How Parents Can Help Their Financially Challenged Kids

Last Updated Jul 21, 2010 8:05 AM EDT

It's surprising how much money parents are giving to their adult children and how long they do it. According to a recent University of Michigan survey, 41% provide financial support to their 23-28 year-olds. The average amount given is an astonishing 10 percent of their income!

It's natural for parents to want to extend help and support to their children, especially when they are struggling. But sometimes providing this help can do more harm than good. Here are a few rules for what works.

Can you afford to help: First things first. If you have credit card debt and are making small/minimum payments, are not saving enough for your own retirement, etc, then you cannot afford to give money to your kid. If you are drowning in your own financial storm, then throwing some financial support to your kid will assure one thing: you both will drown together.

Offer to Boomerang: Instead, parents can offer to have their adult child move back in, thus providing a low cost living arrangement for their boomerang kid and a once-in-a-lifetime opportunity to improve their financial situation and get a fresh start. If you offer to do this, the first thing to realize is that your adult child is no longer, well....a child. Instead he should be considered a household companion who can contribute and help run the household.

Setting rules for charging rent, contributing to household duties, curfews, etc. can also help to set the boundaries and give the parents and their boomerang kid a sense of what is in and out of bounds.

Cover Health Insurance: By Sept 23rd, all employer provided health insurance policies will be required to allow a parents child to stay covered on the parents' existing health insurance, up to their 26th birthday. Check with your provider. Some will not be activating this change until January. This is an especially good option if your kid has pre-existing health conditions. But don't assume that staying on a parent's plan is always the better option. For example, for a healthy 20-something adult, you can buy an individual health policy for about $150 per month, which may be less than paying extra to remain on a parents' existing policy. Check out sites like this for a low-cost policy.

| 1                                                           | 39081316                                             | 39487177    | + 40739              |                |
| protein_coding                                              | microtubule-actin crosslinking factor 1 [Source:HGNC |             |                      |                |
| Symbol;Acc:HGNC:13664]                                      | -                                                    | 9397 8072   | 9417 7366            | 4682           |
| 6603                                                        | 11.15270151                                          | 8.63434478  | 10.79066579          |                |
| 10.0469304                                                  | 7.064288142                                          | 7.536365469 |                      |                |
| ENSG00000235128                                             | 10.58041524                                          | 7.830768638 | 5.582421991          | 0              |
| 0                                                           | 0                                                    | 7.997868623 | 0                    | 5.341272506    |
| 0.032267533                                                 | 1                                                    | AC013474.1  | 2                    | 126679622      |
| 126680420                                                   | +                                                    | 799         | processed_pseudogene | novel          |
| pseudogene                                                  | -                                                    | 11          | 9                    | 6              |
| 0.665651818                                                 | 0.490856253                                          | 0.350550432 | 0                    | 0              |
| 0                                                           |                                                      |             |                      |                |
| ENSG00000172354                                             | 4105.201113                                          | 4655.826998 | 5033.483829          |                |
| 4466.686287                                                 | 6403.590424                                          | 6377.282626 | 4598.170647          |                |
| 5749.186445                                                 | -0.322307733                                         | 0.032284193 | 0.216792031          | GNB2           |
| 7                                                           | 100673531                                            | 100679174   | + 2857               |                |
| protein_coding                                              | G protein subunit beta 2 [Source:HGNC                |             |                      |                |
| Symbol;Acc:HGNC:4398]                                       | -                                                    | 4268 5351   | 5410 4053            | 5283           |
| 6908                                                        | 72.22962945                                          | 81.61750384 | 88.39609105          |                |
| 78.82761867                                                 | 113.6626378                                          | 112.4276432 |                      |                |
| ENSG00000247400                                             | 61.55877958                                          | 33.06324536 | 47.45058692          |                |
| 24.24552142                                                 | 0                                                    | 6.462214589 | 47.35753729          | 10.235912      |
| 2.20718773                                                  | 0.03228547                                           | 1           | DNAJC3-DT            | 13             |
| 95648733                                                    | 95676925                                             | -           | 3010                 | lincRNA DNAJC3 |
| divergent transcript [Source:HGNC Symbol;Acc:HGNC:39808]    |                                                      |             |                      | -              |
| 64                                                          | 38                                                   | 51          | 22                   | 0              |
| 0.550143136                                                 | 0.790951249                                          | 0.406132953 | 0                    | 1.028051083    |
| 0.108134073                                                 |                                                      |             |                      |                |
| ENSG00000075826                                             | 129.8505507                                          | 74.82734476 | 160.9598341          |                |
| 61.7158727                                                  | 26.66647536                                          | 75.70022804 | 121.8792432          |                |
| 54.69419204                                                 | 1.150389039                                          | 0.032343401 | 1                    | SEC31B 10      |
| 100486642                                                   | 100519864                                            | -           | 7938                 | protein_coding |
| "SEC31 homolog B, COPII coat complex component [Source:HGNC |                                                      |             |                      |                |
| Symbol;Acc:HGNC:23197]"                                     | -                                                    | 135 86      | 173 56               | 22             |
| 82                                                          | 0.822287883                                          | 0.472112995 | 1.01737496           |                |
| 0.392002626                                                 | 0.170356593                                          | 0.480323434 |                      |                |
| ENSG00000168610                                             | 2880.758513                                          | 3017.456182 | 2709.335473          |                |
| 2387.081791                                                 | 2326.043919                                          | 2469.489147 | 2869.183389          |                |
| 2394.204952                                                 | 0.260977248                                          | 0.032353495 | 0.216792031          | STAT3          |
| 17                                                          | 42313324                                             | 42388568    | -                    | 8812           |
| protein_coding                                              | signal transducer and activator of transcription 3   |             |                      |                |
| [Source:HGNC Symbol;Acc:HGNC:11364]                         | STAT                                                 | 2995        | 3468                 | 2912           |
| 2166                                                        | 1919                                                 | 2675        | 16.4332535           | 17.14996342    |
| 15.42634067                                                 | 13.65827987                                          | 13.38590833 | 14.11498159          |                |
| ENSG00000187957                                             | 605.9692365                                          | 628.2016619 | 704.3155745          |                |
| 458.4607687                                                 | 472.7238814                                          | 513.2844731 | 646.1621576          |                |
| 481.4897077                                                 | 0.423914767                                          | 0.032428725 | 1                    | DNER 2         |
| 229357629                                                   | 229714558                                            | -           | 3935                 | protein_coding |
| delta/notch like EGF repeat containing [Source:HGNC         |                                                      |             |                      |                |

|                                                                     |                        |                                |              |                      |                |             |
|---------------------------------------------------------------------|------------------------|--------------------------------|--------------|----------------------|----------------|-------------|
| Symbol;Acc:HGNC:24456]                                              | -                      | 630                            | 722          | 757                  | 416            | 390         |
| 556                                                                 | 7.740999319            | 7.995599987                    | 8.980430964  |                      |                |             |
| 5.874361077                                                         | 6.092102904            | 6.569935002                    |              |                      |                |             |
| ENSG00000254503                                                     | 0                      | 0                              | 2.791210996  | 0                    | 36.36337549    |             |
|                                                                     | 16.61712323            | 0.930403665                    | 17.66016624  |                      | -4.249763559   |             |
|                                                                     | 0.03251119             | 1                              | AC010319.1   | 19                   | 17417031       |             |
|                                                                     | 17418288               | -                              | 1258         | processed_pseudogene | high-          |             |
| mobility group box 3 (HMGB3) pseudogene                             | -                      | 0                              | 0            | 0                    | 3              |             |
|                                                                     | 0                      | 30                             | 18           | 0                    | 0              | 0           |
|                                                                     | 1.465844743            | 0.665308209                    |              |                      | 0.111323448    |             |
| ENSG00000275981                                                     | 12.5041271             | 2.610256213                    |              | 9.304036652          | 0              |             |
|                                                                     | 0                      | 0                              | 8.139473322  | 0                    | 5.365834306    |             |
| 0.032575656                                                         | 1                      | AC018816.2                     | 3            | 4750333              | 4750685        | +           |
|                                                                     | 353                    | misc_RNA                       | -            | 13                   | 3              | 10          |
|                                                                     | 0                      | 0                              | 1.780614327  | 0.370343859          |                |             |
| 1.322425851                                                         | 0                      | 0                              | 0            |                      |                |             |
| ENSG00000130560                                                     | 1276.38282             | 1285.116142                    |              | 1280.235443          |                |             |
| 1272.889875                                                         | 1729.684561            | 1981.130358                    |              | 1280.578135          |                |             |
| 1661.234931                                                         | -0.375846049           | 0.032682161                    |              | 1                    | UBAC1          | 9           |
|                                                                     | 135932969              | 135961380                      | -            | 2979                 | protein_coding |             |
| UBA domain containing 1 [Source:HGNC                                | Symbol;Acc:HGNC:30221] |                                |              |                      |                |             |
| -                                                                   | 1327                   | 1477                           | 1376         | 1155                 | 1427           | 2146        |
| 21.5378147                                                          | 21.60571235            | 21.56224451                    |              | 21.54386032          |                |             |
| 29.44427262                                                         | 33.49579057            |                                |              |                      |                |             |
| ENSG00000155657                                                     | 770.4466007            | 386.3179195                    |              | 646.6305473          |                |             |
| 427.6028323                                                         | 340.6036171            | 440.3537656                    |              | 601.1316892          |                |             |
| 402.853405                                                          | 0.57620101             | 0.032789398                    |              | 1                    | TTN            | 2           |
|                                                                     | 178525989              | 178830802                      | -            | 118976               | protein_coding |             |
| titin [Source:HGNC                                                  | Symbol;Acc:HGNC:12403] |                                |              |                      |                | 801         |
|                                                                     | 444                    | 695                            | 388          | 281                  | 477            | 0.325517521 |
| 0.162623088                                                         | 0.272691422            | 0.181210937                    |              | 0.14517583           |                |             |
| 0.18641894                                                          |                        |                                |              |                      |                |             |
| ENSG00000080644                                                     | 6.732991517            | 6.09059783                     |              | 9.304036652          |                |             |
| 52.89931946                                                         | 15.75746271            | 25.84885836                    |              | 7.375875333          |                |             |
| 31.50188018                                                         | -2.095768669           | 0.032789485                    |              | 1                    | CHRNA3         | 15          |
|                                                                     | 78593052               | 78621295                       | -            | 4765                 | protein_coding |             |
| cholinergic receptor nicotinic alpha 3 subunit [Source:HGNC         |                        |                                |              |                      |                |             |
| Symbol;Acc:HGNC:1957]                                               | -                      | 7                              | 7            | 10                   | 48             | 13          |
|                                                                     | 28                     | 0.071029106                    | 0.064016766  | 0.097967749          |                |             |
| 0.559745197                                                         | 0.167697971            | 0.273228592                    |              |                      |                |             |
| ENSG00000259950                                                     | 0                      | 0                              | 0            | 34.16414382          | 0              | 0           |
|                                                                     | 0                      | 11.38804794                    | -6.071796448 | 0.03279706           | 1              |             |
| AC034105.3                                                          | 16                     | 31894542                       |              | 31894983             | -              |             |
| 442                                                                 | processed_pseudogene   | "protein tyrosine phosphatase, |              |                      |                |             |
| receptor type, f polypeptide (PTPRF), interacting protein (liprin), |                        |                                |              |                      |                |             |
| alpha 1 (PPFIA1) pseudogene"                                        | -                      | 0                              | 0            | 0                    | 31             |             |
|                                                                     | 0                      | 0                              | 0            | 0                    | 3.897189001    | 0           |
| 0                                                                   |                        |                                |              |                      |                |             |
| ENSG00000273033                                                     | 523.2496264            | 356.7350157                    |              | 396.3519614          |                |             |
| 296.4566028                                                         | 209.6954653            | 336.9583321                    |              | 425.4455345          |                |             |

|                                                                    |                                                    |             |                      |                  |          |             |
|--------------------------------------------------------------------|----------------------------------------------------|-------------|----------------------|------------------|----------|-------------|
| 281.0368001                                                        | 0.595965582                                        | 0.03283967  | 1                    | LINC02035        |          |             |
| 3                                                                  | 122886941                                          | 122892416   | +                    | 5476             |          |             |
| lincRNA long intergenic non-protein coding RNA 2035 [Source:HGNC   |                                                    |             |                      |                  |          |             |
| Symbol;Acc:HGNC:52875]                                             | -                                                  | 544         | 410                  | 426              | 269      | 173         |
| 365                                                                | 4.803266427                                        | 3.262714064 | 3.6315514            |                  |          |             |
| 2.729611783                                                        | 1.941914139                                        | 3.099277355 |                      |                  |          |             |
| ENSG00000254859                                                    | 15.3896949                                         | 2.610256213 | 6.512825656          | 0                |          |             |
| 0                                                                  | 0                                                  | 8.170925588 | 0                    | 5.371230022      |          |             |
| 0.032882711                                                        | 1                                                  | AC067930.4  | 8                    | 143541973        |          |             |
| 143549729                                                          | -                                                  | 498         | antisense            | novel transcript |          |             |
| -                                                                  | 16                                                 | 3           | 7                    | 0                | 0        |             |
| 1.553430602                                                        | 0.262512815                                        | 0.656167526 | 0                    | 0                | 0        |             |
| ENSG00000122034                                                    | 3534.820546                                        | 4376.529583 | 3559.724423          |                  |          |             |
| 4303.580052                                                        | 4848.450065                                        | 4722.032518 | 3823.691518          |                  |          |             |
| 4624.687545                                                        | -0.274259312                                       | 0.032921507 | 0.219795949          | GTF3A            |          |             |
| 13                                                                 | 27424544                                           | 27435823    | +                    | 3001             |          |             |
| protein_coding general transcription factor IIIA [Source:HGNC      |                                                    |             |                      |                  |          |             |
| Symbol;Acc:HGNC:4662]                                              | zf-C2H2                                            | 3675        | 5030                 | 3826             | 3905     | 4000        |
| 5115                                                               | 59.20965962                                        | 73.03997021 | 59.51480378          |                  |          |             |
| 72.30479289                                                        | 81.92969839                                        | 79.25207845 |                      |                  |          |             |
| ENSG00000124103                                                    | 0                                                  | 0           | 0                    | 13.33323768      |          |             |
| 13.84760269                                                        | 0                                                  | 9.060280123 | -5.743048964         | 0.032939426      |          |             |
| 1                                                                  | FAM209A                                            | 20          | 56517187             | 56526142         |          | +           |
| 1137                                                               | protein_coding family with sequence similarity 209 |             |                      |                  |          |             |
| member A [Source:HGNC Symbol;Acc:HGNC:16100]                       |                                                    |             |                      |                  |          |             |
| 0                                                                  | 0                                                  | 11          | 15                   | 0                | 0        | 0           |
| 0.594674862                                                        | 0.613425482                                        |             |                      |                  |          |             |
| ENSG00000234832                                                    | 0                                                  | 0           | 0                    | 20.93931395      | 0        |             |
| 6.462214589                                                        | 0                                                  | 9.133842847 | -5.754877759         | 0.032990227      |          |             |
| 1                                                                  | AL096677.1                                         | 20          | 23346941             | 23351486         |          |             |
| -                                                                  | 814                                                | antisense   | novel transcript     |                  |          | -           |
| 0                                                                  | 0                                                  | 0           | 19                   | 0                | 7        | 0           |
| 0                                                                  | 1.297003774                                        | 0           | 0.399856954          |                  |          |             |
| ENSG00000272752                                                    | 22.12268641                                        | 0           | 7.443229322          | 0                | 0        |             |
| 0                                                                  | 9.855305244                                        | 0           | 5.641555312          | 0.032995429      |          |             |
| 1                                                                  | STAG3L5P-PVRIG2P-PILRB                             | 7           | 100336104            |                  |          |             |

Resist financial bailouts: Resist the urge to pay off your kid's credit card debt and student loans. Instead, urge them to make their payments more affordable by consolidating their student loans or using the Income-Based Repayment option, (a new option available last year) where the payment is capped at 15% of discretionary income. They can also opt to stretch out payments over 12 to 25 years to make payments more affordable.

Never co-sign for credit cards: Under the new credit-card rules, those under age 21 cannot get a credit card unless they have sufficient income or their parents co-sign for it. Parents should never co-sign for their kids cards. Doing this puts their own credit on the line. Parents who want to monitor their kid's use of a credit card can set it up so that they are designated to receive duplicate statements and have on-line access to view the account activity. Also, help your kid create a debt pay-down plan and establish savings goals.

  • Ray Martin

    View all articles by Ray Martin on CBS MoneyWatch»
    Ray Martin has been a practicing financial advisor since 1986, providing financial guidance and advice to individuals. He has appeared regularly as a contributor on the CBS Early Show, CBS NewsPath, as a columnist on CBS Moneywatch.com and on NBC-TV's morning newscast TODAY. He has also appeared on the Oprah Winfrey Show and is the author of two books.